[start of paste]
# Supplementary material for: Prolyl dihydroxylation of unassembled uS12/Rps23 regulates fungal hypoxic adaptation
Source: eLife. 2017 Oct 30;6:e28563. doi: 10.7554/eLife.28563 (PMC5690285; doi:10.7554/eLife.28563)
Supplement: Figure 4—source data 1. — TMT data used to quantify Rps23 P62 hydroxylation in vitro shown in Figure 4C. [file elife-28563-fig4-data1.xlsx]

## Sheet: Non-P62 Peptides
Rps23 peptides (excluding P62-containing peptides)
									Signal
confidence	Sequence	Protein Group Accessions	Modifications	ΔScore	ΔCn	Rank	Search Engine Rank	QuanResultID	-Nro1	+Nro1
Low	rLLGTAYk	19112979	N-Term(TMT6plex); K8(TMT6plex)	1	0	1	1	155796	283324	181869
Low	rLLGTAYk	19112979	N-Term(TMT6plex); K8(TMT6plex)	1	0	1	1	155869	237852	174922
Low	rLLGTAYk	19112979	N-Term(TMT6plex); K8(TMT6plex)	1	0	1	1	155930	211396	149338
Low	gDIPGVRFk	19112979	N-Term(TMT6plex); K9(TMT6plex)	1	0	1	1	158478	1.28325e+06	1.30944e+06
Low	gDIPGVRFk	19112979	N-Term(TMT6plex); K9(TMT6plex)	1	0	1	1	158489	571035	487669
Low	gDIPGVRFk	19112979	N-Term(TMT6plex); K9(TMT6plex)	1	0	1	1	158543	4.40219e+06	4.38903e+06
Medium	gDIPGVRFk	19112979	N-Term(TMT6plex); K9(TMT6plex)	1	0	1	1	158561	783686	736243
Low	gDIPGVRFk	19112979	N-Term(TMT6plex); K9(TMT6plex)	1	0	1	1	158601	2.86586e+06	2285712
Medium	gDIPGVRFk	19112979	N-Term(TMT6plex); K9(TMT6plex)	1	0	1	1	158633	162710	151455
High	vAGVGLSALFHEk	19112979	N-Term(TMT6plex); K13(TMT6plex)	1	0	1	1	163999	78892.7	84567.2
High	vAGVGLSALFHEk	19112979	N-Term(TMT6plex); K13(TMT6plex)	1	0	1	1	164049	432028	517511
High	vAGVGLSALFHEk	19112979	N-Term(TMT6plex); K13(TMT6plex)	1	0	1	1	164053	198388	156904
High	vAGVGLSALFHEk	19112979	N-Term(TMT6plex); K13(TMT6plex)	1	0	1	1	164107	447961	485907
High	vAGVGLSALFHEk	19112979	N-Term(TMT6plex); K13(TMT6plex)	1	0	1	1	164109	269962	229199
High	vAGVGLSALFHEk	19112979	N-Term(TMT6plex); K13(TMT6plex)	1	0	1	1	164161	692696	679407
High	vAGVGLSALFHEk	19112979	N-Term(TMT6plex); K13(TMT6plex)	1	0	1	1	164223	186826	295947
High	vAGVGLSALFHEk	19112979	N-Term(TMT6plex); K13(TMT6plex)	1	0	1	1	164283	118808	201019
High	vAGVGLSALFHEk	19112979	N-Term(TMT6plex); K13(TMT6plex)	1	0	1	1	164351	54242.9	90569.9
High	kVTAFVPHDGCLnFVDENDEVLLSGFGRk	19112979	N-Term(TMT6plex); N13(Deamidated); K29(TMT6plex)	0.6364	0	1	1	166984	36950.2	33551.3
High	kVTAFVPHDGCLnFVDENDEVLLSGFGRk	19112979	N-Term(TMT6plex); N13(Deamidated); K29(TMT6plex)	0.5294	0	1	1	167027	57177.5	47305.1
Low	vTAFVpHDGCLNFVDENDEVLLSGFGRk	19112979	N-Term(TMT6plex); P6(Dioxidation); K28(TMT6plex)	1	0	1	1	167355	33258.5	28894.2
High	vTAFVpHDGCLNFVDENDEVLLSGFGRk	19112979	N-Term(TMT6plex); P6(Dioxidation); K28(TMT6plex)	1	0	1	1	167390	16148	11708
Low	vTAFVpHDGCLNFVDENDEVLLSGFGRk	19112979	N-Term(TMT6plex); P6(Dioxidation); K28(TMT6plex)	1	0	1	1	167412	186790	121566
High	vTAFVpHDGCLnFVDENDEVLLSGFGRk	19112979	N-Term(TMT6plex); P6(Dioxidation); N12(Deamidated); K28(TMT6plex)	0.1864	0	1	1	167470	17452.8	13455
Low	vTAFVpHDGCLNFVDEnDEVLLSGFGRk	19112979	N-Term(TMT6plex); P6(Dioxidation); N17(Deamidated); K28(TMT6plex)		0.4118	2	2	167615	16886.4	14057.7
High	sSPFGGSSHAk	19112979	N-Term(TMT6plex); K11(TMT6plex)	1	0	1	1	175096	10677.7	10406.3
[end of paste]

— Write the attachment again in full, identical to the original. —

# Supplementary material for: Prolyl dihydroxylation of unassembled uS12/Rps23 regulates fungal hypoxic adaptation
Source: eLife. 2017 Oct 30;6:e28563. doi: 10.7554/eLife.28563 (PMC5690285; doi:10.7554/eLife.28563)
Supplement: Figure 4—source data 1. — TMT data used to quantify Rps23 P62 hydroxylation in vitro shown in Figure 4C. [file elife-28563-fig4-data1.xlsx]

## Sheet: Non-P62 Peptides
Rps23 peptides (excluding P62-containing peptides)
									Signal
confidence	Sequence	Protein Group Accessions	Modifications	ΔScore	ΔCn	Rank	Search Engine Rank	QuanResultID	-Nro1	+Nro1
Low	rLLGTAYk	19112979	N-Term(TMT6plex); K8(TMT6plex)	1	0	1	1	155796	283324	181869
Low	rLLGTAYk	19112979	N-Term(TMT6plex); K8(TMT6plex)	1	0	1	1	155869	237852	174922
Low	rLLGTAYk	19112979	N-Term(TMT6plex); K8(TMT6plex)	1	0	1	1	155930	211396	149338
Low	gDIPGVRFk	19112979	N-Term(TMT6plex); K9(TMT6plex)	1	0	1	1	158478	1.28325e+06	1.30944e+06
Low	gDIPGVRFk	19112979	N-Term(TMT6plex); K9(TMT6plex)	1	0	1	1	158489	571035	487669
Low	gDIPGVRFk	19112979	N-Term(TMT6plex); K9(TMT6plex)	1	0	1	1	158543	4.40219e+06	4.38903e+06
Medium	gDIPGVRFk	19112979	N-Term(TMT6plex); K9(TMT6plex)	1	0	1	1	158561	783686	736243
Low	gDIPGVRFk	19112979	N-Term(TMT6plex); K9(TMT6plex)	1	0	1	1	158601	2.86586e+06	2285712
Medium	gDIPGVRFk	19112979	N-Term(TMT6plex); K9(TMT6plex)	1	0	1	1	158633	162710	151455
High	vAGVGLSALFHEk	19112979	N-Term(TMT6plex); K13(TMT6plex)	1	0	1	1	163999	78892.7	84567.2
High	vAGVGLSALFHEk	19112979	N-Term(TMT6plex); K13(TMT6plex)	1	0	1	1	164049	432028	517511
High	vAGVGLSALFHEk	19112979	N-Term(TMT6plex); K13(TMT6plex)	1	0	1	1	164053	198388	156904
High	vAGVGLSALFHEk	19112979	N-Term(TMT6plex); K13(TMT6plex)	1	0	1	1	164107	447961	485907
High	vAGVGLSALFHEk	19112979	N-Term(TMT6plex); K13(TMT6plex)	1	0	1	1	164109	269962	229199
High	vAGVGLSALFHEk	19112979	N-Term(TMT6plex); K13(TMT6plex)	1	0	1	1	164161	692696	679407
High	vAGVGLSALFHEk	19112979	N-Term(TMT6plex); K13(TMT6plex)	1	0	1	1	164223	186826	295947
High	vAGVGLSALFHEk	19112979	N-Term(TMT6plex); K13(TMT6plex)	1	0	1	1	164283	118808	201019
High	vAGVGLSALFHEk	19112979	N-Term(TMT6plex); K13(TMT6plex)	1	0	1	1	164351	54242.9	90569.9
High	kVTAFVPHDGCLnFVDENDEVLLSGFGRk	19112979	N-Term(TMT6plex); N13(Deamidated); K29(TMT6plex)	0.6364	0	1	1	166984	36950.2	33551.3
High	kVTAFVPHDGCLnFVDENDEVLLSGFGRk	19112979	N-Term(TMT6plex); N13(Deamidated); K29(TMT6plex)	0.5294	0	1	1	167027	57177.5	47305.1
Low	vTAFVpHDGCLNFVDENDEVLLSGFGRk	19112979	N-Term(TMT6plex); P6(Dioxidation); K28(TMT6plex)	1	0	1	1	167355	33258.5	28894.2
High	vTAFVpHDGCLNFVDENDEVLLSGFGRk	19112979	N-Term(TMT6plex); P6(Dioxidation); K28(TMT6plex)	1	0	1	1	167390	16148	11708
Low	vTAFVpHDGCLNFVDENDEVLLSGFGRk	19112979	N-Term(TMT6plex); P6(Dioxidation); K28(TMT6plex)	1	0	1	1	167412	186790	121566
High	vTAFVpHDGCLnFVDENDEVLLSGFGRk	19112979	N-Term(TMT6plex); P6(Dioxidation); N12(Deamidated); K28(TMT6plex)	0.1864	0	1	1	167470	17452.8	13455
Low	vTAFVpHDGCLNFVDEnDEVLLSGFGRk	19112979	N-Term(TMT6plex); P6(Dioxidation); N17(Deamidated); K28(TMT6plex)		0.4118	2	2	167615	16886.4	14057.7
High	sSPFGGSSHAk	19112979	N-Term(TMT6plex); K11(TMT6plex)	1	0	1	1	175096	10677.7	10406.3